So all in all it was a day full of American patriotism and reflecting on symbols of their national pride, and knowing when and when not to be a tourist. I’m not sure what I did on September 11th – possibly went to the movies? – but it was something low key and local, while I left the real locals to their memorial and their prayers.

 

Reflections on Europe

I’ve written reflective posts about the previous journeys that comprise my round the world tour, for both South-East Asia and the Trans-Siberian Railway, but I’ve found myself at a bit of a loss as to how I am supposed to recap my entire travels through Europe in a single post. The journey was twice as long as any of the other legs of the tour so far, and it’s taken me so long to chronicle the whole thing that I’ve since found myself returning home and then moving back to live in Europe before I’d even finished! But my time spent on the continent was a very big influence on me – I mean, I moved here – so I feel it is important to reflect on some of the lessons I learnt, the surprises I discovered, the cultures I clashed with and the memories I made…

***

Stockholm.

Stockholm.

Copenhagen.

Copenhagen.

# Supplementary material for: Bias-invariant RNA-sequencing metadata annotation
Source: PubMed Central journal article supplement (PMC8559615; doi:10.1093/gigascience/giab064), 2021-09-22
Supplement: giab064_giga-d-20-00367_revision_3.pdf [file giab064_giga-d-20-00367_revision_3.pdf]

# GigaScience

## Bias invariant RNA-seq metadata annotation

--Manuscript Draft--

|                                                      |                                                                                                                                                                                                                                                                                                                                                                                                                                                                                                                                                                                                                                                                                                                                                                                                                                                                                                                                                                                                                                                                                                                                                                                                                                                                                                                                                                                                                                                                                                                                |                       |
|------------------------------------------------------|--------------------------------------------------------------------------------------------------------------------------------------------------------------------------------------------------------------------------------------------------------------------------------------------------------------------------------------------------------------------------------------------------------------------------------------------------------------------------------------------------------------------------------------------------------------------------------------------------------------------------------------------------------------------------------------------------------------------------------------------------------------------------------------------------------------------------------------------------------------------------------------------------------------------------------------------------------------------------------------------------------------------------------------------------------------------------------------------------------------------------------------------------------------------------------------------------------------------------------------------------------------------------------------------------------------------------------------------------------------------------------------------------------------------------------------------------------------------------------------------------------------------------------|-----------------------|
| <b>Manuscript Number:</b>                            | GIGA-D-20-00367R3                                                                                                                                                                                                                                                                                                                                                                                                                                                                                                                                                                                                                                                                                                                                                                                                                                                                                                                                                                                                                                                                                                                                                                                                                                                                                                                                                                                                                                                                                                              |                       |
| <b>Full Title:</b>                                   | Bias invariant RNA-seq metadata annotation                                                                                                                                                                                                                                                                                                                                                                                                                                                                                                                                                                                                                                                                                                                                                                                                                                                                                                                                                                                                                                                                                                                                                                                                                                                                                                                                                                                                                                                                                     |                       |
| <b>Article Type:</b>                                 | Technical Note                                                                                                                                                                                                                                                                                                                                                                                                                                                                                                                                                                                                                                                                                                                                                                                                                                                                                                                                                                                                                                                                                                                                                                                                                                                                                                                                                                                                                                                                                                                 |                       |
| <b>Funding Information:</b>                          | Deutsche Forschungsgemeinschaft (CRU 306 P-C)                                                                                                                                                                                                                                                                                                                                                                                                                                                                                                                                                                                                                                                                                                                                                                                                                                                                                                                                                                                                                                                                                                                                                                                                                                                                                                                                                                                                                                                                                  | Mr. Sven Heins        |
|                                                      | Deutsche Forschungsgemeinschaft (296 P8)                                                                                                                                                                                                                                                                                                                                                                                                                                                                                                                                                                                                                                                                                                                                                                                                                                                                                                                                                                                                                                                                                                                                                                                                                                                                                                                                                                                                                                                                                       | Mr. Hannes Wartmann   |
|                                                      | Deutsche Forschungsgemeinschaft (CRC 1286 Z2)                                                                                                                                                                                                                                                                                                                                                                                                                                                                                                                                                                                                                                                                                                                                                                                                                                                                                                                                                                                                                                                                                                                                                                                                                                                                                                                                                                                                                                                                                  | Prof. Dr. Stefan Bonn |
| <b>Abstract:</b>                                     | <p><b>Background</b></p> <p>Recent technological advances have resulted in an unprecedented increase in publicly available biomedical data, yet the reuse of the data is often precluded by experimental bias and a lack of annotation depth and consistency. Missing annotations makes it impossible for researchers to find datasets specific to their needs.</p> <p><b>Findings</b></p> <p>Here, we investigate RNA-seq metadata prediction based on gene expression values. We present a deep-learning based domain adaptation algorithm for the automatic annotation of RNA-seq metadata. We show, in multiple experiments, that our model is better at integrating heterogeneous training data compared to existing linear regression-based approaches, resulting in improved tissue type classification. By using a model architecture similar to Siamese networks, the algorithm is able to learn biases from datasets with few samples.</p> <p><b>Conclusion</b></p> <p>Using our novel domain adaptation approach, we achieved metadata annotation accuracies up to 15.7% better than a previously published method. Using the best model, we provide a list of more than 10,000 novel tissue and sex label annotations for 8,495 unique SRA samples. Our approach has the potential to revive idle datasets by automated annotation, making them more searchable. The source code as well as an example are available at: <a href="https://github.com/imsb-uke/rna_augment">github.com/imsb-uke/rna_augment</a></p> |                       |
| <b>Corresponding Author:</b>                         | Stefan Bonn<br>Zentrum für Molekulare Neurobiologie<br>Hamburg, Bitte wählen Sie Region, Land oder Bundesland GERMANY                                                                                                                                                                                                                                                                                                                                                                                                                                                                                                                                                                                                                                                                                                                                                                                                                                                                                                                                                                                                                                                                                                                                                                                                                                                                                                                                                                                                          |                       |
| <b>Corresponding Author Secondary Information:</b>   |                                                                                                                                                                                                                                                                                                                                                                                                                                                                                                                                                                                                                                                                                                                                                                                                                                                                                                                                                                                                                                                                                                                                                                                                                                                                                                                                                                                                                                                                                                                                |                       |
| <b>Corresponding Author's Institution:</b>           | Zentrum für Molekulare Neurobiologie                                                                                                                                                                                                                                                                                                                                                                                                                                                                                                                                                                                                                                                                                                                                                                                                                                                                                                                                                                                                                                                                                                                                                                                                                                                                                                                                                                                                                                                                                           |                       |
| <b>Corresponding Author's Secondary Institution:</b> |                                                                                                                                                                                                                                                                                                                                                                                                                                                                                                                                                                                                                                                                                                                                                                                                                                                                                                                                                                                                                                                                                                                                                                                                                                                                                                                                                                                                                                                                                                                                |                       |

The most noticeable thing about Europe for me, as a traveller, was the stark contrast in culture between the dozens of different countries that were all relatively close to one another. European cities mostly all seem to have this inherent charm about them – something that I suppose comes from never having lived in Europe – but beyond that every country had its own kind of culture that rendered it distinct from its neighbours. While I don’t want to rely too heavily on stereotypes, I often found that a lot of aspects about each country or city – the language, the cuisine, the friendliness of the people, their favourite pass times, their daily routines – were surprisingly congruent with most of my expectations. The French guys loved huge brunches full of gourmet food and lazy afternoons of drinking, with every type of wine imaginable readily on hand, yet they blew the preconceptions of rude, arrogant Parisians right out of the water. The Danish were friendly and soft-spoken people who rode their bikes everywhere and were always so proud of their idyllic little country, but were never, ever ones to brag. The Spaniards lived up the expectations of their siesta culture, all but disappearing during the day, only to reemerge in the early hours of the morning, with fire in their hearts, drinks in their hands and dancing shoes on their feet. The Germans drank beer like it was water – since half the time it cost less anyway – and in Berlin everyone from the artists to even the politicians seemed to wake up at 2pm. The Austrians were friendly and accommodating, though they resented that the Germans usually didn’t appreciate the linguistic differences between the Austrian German and their own. The Swiss seemed so content in their high quality of life that everyone was so happy, and you could completely understand how they have come to be considered such a neutral player. The Italians were late for everything, and nothing could be cooked as well as their grandmothers recipe. The Czech men thought their beer was better than the Germans, but they were happy to remain less renowned and keep to themselves with their gorgeous fairytale cities like Prague. The Dutch were loud and friendly, and also rode their bikes everywhere, the English were drinking tea whenever they weren’t drinking alcohol, and the Irish were just perpetually drunk.